Scotland may have believed that it was acceptable to apply moderate physical force to discipline a prisoner, but not to obtain military information. He wrote: "Nazi prisoners expected to be beaten up; after all, they were past masters in the practice … but this occurred only in one instance at the cage and that was after the war." Predictably, this was edited out of the final version of his manuscript by MI5 and the War Office. (67)

Equally predictably, after the war the British intelligence establishment was far more concerned about public perceptions of the Cage. After all, in the fevered atmosphere of 1939–45, interrogation practices were chiefly a product of Britain's struggle simply to survive and ultimately elicited high-value intelligence. The ends justified the means, even if abusive methods were visited upon relatively harmless inmates as well as hardened Nazis.

After D-Day, the Cage's mandate shifted to gathering evidence for use at war crimes trials. This entailed a new approach to interrogation and a new staff comprised in part of non-commissioned personnel familiar with German language, law, and customs; these included German-Jewish émigrés, many of whom had been interned on the Isle of Man and in camps around Britain before swearing allegiance to George IV and serving in British uniforms as "the king's most loyal enemy aliens." These interrogators had gleaned intelligence of immediate military value during the war and then helped investigate war crimes perpetrated against Allied soldiers, airmen, and special forces. The London Cage was the most important center outside Germany for dealing with high-profile Nazi war criminals, processing 3,573 prisoners in 1945–48. These included monsters like high-ranking SS men Sepp Dietrich, Kurt Meyer, and Reinhold Bruchardt, as well as military commanders like Albert Kesselring, Erich von Manstein, Walther von Brauchitsch, Hermann Ramcke, and Gerd von Rundstedt (113–25).

As with many prisoners interrogated during the war, inadvertently revealed information was often critical:

Once suspected war criminals were in the London Cage, an effective tactic was to place a particular prisoner in solitary confinement in a room next to another carefully chosen prisoner. The men would soon discover that the flues from the fireplaces in their room merged further up, allowing them to have a conversation. An eyewitness recalled: "They chatted up the chimney to each other. They thought they were so clever, they gave away all kinds of information because we had placed bugging devices in the chimney and were able to record their conversations." (127)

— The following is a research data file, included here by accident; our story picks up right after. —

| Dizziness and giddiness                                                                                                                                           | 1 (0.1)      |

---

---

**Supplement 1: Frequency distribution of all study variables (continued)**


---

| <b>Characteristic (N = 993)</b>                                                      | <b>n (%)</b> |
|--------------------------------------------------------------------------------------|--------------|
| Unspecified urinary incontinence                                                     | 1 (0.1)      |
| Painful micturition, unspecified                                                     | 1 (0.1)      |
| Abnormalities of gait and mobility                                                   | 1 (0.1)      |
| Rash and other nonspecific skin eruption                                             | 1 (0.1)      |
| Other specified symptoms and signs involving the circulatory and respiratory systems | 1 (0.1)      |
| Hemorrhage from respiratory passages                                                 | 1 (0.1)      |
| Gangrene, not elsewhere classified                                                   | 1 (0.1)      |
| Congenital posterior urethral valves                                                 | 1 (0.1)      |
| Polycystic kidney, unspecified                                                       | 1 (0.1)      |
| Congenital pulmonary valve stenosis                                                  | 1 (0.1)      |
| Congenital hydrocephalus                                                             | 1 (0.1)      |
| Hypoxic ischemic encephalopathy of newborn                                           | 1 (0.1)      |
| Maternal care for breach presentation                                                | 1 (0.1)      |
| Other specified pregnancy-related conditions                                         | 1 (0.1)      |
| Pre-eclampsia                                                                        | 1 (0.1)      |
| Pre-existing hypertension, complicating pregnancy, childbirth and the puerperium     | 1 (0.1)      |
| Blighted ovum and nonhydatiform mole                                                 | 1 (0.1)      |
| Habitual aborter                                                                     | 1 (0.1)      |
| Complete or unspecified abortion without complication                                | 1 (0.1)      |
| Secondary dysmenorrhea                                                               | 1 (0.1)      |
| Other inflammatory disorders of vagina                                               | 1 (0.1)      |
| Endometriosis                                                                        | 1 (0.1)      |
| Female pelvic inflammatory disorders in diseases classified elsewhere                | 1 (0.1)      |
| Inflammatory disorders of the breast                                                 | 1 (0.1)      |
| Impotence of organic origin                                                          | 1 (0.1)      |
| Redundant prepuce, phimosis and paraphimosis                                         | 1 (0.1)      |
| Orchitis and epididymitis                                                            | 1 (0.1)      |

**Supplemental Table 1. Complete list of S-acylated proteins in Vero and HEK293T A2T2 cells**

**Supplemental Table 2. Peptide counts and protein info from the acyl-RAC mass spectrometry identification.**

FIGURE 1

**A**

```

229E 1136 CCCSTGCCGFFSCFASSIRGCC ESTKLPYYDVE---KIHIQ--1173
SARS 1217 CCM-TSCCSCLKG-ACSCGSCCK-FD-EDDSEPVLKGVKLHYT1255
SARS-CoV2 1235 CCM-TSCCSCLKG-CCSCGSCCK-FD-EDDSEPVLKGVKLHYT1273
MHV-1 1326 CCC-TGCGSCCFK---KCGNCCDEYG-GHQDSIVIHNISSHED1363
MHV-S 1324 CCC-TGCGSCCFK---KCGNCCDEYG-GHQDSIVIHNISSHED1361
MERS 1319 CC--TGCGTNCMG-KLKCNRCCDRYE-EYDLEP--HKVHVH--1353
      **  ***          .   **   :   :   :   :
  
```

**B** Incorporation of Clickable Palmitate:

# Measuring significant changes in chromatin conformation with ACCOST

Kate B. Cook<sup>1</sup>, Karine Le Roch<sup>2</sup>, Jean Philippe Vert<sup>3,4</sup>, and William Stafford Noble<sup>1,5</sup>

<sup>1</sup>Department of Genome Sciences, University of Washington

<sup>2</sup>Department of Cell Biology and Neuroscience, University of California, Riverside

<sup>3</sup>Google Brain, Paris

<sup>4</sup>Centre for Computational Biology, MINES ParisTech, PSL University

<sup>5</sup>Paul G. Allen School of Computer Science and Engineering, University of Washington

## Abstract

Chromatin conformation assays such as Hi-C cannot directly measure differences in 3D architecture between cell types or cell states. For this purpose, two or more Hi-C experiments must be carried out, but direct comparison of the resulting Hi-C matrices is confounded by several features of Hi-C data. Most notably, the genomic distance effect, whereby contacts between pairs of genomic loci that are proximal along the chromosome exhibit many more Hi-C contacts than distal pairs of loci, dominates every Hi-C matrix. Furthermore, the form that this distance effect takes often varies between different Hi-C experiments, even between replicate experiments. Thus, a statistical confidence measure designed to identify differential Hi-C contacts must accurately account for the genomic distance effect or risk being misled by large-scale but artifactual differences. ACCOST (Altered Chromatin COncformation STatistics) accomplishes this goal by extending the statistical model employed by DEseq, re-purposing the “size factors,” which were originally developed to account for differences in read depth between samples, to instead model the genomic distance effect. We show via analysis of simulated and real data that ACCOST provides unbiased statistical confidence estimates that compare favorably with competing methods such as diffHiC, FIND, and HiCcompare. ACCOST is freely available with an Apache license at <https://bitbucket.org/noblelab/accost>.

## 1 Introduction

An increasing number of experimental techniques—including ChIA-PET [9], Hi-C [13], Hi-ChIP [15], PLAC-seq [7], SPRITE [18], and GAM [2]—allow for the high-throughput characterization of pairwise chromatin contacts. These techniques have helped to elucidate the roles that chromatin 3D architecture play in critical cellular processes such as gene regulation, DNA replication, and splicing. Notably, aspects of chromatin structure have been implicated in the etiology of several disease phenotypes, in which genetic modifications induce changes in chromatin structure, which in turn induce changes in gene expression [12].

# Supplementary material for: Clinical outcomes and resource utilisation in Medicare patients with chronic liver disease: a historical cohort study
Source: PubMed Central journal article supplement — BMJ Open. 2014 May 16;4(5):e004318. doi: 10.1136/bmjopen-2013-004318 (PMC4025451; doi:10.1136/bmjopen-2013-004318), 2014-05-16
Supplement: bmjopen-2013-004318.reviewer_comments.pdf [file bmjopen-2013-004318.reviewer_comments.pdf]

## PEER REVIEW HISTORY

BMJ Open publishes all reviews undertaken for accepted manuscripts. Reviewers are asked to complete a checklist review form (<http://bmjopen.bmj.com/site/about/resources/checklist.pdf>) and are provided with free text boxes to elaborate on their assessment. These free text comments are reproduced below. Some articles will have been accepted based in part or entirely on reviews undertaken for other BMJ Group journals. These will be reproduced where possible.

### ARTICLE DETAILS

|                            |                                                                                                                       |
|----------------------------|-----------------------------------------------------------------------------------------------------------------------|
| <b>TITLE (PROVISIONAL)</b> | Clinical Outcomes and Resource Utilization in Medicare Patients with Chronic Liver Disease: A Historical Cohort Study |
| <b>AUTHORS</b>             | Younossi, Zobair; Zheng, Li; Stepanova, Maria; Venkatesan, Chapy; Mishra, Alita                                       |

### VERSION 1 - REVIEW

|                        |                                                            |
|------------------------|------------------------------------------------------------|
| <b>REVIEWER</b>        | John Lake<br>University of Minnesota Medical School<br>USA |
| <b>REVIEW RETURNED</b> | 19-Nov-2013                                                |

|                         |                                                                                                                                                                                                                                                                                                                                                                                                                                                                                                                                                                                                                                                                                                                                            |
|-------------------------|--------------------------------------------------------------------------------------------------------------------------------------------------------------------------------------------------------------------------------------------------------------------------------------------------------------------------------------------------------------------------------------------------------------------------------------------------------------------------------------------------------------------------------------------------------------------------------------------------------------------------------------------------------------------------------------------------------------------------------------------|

For decades since its closure in 1948, the Cage remained a sensitive subject owing to its (actual or suspected) methods of inducing less obliging inmates to talk, in part because no files for the period 1939–43 have been declassified. The London Cage thus makes a valuable contribution to our knowledge of intelligence gathering during and after the Second World War.

It also squarely confronts the question of what is morally permissible in defending civilization against the assaults of its most barbarous enemies. The author concludes that it remains unclear "whether the London Cage was guilty of its own war crimes" (220) and that "the darker side of mistreatment and torture appears to have risen in the postwar period, when the cage dealt with hated Nazi war criminals" (207). Colonel Scotland did not believe Geneva Convention protections extended beyond POWs to civilian prisoners or to war criminals in the military (207–8). We may well imagine his and his charges' feelings about fanatics guilty of inhumanity and genocide unprecedented in scale. Nor would the leadership of British intelligence have welcomed any suggestion of mistreatment that might have led to the overturning of war criminals' convictions. Still, as Helen Fry rightly concludes, the intelligence leadership knew better than anyone that "torture and brutality do not produce a cooperative prisoner; they serve only to make the prisoner tell you what you want to hear" (221).

[1] She is the author of over twenty books, including The M Room: Secret Listeners who Bugged the Nazis in WW2 (London: Marranos Pr, 2012), Spymaster: The Secret Life of Kendrick (id., 2014), and Churchill's German Army: The Germans Who Fought for Britain in World War II (2010; rpt. London: Thistle, 2015).